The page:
An S-curve chart is a graphical representation of growth over time. The curve was named after the letter S because its shape begins flat, becomes steep and eventually flattens -- resembling the shape of the letter S. In nature, S-curves are frequently observed when describing the growth of living organism. At first the growth rate is slow, then it accelerates and finally plateaus. Project managers use the S-curve to describe the relationship between cumulative costs or man-hours over time.
Mathematicians and project managers employ a common terminology when discussing S-curves. The starting point in an S-curve chart is called the lower asymptote. The part of the process that is the apex or maturity level is called the point of inflexion. The part where the process reaches a plateau is called the upper asymptote.
How to Construct
The S-chart can be constructed manually or with a computer software program such as Minitab, Microsoft Excel, SAS or SPSS. Two variables are needed to construct the chart. Time is always plotted on the horizontal or X-axis while the variable of interest is plotted on the vertical or Y-axis. Examples of variables that can be plotted on an S-chart include inches of growth, population in people, number of man-hours worked, or cost in dollars.
Used for Tracking
Use the S-curve track the progress of a process over time. If a process is known to have an S shape, graphing the process can tell you if the current process is in the start, growth or maturity phases. Common variables that follow an S-curve are man-hours, labor costs and growth patterns. Two common curves used for comparison are the Pearl and the Gompertz.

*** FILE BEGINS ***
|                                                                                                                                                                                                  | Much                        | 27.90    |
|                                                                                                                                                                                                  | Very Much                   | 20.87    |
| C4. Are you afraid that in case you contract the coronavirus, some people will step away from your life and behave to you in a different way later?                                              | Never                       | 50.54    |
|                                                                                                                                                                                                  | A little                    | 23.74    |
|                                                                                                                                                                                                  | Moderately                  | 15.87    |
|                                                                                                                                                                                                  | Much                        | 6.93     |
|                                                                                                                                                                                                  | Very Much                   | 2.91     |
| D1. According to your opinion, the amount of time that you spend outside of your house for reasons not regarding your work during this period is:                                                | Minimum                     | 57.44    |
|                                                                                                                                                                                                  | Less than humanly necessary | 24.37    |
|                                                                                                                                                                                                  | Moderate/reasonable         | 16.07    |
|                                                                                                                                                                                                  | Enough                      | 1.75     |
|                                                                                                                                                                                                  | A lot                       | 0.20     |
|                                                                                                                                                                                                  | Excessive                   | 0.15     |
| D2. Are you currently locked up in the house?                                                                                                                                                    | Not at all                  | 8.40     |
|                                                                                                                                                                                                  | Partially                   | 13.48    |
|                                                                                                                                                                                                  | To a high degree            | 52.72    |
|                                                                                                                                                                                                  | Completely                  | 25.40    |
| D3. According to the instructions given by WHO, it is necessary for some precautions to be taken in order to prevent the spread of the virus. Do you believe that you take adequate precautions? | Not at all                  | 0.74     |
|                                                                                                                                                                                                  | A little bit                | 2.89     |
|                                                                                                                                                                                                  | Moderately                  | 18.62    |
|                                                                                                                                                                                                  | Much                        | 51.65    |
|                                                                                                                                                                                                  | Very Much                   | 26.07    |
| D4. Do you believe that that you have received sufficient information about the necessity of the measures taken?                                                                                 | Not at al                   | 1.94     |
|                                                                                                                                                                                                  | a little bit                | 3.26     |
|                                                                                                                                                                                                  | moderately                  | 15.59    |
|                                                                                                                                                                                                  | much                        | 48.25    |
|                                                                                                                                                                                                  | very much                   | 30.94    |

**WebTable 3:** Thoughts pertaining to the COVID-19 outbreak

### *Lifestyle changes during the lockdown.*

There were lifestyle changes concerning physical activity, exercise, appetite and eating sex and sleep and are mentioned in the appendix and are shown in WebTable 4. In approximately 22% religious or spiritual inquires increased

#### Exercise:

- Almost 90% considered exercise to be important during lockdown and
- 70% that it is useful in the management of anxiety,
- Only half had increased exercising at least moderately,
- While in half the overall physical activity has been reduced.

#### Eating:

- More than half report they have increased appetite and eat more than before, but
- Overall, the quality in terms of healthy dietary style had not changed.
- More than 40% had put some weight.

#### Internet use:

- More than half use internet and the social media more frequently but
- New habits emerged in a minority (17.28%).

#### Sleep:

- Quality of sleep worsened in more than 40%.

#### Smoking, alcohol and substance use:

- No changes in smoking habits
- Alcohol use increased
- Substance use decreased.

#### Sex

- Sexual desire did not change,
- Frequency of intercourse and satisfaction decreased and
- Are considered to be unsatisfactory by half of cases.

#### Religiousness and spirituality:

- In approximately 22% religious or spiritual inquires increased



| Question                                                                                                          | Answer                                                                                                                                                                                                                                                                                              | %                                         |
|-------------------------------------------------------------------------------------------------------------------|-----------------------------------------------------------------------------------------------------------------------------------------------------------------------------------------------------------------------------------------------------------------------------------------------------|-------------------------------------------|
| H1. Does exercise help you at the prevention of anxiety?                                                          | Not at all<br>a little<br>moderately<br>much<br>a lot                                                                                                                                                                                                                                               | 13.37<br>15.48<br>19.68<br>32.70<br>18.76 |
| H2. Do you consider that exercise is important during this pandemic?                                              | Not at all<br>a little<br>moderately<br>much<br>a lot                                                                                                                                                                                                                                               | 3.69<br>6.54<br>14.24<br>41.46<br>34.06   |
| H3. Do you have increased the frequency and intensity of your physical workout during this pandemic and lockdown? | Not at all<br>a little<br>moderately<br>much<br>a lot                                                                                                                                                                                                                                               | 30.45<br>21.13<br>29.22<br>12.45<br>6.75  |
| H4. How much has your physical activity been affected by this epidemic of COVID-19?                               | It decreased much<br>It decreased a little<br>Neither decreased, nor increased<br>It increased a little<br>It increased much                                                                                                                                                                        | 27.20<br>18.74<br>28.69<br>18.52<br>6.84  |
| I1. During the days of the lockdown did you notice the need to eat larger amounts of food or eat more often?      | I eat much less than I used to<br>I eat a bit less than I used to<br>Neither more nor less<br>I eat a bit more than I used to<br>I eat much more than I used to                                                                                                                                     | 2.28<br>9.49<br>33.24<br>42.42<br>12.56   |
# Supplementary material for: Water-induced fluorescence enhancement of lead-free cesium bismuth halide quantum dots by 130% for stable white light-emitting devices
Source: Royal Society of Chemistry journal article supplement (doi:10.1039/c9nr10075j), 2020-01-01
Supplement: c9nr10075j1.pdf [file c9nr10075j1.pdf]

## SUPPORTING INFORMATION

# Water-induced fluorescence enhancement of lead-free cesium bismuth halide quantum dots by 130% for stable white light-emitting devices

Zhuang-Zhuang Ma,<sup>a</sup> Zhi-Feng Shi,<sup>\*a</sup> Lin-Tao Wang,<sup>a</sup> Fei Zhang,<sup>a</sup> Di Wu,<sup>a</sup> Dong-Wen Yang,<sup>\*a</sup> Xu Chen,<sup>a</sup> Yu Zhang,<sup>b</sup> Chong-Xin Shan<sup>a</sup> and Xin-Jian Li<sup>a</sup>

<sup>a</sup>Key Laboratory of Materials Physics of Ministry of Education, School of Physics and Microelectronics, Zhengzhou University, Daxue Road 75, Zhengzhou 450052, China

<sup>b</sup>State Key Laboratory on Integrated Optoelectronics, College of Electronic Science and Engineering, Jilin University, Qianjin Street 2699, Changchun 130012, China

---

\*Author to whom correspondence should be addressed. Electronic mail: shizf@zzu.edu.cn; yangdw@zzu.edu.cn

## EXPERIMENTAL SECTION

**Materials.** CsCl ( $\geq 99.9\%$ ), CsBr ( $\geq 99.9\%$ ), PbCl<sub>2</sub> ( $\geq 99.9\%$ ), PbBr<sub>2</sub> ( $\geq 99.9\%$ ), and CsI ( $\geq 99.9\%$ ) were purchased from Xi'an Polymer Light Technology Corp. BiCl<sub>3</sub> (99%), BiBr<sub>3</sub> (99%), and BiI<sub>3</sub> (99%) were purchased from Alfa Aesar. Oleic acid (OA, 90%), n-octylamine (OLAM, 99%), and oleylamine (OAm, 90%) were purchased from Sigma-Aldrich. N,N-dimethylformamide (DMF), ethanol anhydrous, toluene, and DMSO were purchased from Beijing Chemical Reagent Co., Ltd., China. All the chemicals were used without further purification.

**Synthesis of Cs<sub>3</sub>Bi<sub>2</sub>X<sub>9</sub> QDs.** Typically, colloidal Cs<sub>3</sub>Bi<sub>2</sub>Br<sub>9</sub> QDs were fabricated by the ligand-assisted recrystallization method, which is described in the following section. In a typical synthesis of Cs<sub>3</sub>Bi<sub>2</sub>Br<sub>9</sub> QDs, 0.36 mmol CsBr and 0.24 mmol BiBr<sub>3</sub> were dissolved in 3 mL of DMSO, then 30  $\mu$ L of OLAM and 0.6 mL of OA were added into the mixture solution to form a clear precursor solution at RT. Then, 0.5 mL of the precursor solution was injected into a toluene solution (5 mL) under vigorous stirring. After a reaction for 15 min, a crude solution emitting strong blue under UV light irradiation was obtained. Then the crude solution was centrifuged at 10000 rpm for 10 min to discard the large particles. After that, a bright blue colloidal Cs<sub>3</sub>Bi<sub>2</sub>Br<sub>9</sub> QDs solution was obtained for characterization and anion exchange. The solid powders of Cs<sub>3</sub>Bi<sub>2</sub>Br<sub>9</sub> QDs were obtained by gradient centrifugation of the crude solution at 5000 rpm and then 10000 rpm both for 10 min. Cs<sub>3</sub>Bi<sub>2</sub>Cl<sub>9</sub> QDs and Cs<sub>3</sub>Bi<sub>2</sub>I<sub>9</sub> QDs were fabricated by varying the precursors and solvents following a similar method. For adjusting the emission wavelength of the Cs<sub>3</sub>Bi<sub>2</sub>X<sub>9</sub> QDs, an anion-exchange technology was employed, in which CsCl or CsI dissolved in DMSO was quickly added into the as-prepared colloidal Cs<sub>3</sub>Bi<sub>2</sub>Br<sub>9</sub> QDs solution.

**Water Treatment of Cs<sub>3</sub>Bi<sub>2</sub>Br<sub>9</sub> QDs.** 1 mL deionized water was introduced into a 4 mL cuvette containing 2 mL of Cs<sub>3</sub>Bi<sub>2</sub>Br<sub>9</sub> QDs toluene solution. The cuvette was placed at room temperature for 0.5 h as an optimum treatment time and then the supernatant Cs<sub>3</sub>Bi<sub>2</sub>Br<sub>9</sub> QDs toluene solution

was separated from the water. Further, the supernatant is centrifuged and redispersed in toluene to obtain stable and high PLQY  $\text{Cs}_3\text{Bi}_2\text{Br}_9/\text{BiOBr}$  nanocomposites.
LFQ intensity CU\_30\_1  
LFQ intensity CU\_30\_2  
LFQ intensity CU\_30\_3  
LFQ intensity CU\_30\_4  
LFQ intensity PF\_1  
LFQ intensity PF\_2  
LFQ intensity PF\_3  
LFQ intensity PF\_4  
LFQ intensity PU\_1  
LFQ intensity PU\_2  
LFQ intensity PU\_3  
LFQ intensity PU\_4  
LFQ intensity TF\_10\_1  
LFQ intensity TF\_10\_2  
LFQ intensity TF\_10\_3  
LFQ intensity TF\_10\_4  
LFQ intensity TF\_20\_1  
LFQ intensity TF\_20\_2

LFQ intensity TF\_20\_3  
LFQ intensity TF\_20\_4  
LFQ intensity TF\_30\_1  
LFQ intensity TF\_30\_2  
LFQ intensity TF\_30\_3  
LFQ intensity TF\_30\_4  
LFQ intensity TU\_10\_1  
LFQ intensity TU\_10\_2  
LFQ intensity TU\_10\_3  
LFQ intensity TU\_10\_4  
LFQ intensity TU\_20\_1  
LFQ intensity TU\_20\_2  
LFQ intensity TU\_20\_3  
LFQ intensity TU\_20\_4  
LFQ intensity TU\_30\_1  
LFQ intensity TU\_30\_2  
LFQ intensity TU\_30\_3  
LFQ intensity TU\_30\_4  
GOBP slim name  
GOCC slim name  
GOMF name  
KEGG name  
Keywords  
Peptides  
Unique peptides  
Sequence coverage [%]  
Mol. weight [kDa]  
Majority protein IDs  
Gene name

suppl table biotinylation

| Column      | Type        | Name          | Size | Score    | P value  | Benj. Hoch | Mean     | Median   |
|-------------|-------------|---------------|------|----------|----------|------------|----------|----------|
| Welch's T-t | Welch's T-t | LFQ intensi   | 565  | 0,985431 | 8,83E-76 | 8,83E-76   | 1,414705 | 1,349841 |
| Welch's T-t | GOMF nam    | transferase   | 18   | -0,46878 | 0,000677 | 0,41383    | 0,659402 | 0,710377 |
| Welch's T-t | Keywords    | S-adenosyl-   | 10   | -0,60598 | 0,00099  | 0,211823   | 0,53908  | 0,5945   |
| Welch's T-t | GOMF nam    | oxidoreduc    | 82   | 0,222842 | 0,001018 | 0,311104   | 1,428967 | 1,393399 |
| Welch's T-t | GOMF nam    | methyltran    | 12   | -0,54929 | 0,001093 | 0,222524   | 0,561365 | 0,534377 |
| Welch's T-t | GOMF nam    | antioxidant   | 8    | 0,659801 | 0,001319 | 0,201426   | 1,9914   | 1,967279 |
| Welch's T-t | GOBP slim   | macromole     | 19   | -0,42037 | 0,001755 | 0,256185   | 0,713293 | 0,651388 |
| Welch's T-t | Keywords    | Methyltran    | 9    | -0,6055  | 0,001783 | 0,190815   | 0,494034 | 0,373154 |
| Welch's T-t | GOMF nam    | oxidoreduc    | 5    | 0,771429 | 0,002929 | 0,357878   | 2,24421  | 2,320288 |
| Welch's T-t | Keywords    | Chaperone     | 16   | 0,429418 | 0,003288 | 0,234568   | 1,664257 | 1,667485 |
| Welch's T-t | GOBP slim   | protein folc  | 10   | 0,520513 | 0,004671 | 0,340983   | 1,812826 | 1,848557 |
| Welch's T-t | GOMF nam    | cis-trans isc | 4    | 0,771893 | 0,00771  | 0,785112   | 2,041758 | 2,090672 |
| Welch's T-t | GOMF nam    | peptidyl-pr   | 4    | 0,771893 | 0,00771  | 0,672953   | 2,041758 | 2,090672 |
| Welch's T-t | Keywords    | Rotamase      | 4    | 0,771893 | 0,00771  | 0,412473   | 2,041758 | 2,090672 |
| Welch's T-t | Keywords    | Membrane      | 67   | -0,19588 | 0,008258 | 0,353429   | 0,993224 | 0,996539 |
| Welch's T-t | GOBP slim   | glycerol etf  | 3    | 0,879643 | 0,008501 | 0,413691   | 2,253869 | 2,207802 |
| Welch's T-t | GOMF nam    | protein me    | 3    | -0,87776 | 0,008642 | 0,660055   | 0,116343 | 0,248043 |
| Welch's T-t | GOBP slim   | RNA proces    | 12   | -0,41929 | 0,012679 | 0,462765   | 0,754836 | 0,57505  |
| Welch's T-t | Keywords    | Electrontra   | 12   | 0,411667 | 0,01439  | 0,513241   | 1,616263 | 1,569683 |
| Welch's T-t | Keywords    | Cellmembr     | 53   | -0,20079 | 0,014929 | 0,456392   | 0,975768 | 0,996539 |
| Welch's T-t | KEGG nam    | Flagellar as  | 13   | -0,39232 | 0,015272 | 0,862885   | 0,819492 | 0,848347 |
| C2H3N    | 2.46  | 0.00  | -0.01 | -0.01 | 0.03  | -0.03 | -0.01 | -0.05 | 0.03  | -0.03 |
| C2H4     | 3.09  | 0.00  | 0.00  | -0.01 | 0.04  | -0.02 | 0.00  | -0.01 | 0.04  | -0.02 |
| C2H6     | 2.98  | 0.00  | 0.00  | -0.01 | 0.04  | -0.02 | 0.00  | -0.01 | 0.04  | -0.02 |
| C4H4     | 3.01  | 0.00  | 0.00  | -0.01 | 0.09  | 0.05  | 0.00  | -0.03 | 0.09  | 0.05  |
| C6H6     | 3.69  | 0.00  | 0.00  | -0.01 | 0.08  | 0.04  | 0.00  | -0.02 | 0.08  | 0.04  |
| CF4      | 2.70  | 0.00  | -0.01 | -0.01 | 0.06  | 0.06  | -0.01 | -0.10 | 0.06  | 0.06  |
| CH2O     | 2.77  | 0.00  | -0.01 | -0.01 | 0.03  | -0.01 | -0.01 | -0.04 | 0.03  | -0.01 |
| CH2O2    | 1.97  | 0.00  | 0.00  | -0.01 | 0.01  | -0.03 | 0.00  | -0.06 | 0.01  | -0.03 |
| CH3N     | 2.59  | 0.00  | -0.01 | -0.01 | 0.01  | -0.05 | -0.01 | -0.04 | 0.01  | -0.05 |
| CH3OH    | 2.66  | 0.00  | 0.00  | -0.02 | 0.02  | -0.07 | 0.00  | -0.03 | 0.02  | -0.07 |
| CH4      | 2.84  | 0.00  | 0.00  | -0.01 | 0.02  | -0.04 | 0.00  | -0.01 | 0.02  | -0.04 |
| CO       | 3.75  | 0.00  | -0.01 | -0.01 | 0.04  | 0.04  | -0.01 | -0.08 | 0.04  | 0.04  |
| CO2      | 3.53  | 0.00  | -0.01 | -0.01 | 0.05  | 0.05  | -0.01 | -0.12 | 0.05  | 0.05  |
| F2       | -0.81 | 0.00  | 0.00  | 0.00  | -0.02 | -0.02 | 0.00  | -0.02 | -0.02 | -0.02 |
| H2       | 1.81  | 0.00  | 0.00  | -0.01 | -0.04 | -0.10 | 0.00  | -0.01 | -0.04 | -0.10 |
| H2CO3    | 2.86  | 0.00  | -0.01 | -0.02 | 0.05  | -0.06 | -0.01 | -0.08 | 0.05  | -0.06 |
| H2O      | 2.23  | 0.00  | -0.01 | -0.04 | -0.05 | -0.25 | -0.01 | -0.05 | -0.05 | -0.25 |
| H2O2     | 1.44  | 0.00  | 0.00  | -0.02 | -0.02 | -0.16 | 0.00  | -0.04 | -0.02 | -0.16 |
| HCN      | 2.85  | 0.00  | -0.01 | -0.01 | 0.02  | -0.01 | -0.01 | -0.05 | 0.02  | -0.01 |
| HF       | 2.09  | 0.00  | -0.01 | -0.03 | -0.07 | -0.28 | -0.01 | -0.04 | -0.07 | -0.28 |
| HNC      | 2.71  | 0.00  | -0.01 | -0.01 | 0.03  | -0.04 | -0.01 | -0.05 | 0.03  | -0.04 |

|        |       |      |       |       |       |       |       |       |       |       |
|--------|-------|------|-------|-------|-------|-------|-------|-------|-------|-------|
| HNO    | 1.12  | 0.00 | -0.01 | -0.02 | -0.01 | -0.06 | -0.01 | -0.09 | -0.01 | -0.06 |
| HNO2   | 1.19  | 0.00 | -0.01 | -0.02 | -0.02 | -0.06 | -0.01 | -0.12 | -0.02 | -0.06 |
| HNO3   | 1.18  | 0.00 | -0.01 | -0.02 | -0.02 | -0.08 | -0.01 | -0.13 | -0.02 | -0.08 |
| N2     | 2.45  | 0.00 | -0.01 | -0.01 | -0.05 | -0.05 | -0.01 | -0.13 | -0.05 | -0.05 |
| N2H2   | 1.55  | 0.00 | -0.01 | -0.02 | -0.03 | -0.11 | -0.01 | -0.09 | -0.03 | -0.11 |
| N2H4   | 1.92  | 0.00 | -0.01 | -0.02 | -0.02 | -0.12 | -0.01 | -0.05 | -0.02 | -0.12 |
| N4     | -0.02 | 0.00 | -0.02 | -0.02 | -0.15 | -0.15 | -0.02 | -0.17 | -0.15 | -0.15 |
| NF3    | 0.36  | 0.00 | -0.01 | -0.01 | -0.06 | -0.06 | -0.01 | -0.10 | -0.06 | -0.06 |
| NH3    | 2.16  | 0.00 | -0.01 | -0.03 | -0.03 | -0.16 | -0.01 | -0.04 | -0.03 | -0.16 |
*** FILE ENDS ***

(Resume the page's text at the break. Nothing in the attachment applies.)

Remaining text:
Used for Comparison
Compare a project’s targeted rates to actual rates using an S-curve. In project management, for example, the number of man-hours is outlined in the project charter. A project manager keeps the project on time by comparing actual man-hours used during each phase with baseline man-hours planned. Slippage occurs when the actual hours used differ from baseline hours. Early detection of slippage can help the project manager reallocate resources to avoid having to ask for more time.
Brenda Scottsdale is a licensed psychologist, a six sigma master black belt and a certified aerobics instructor. She has been writing professionally for more than 15 years in scientific journals, including the "Journal of Criminal Justice and Behavior" and various websites.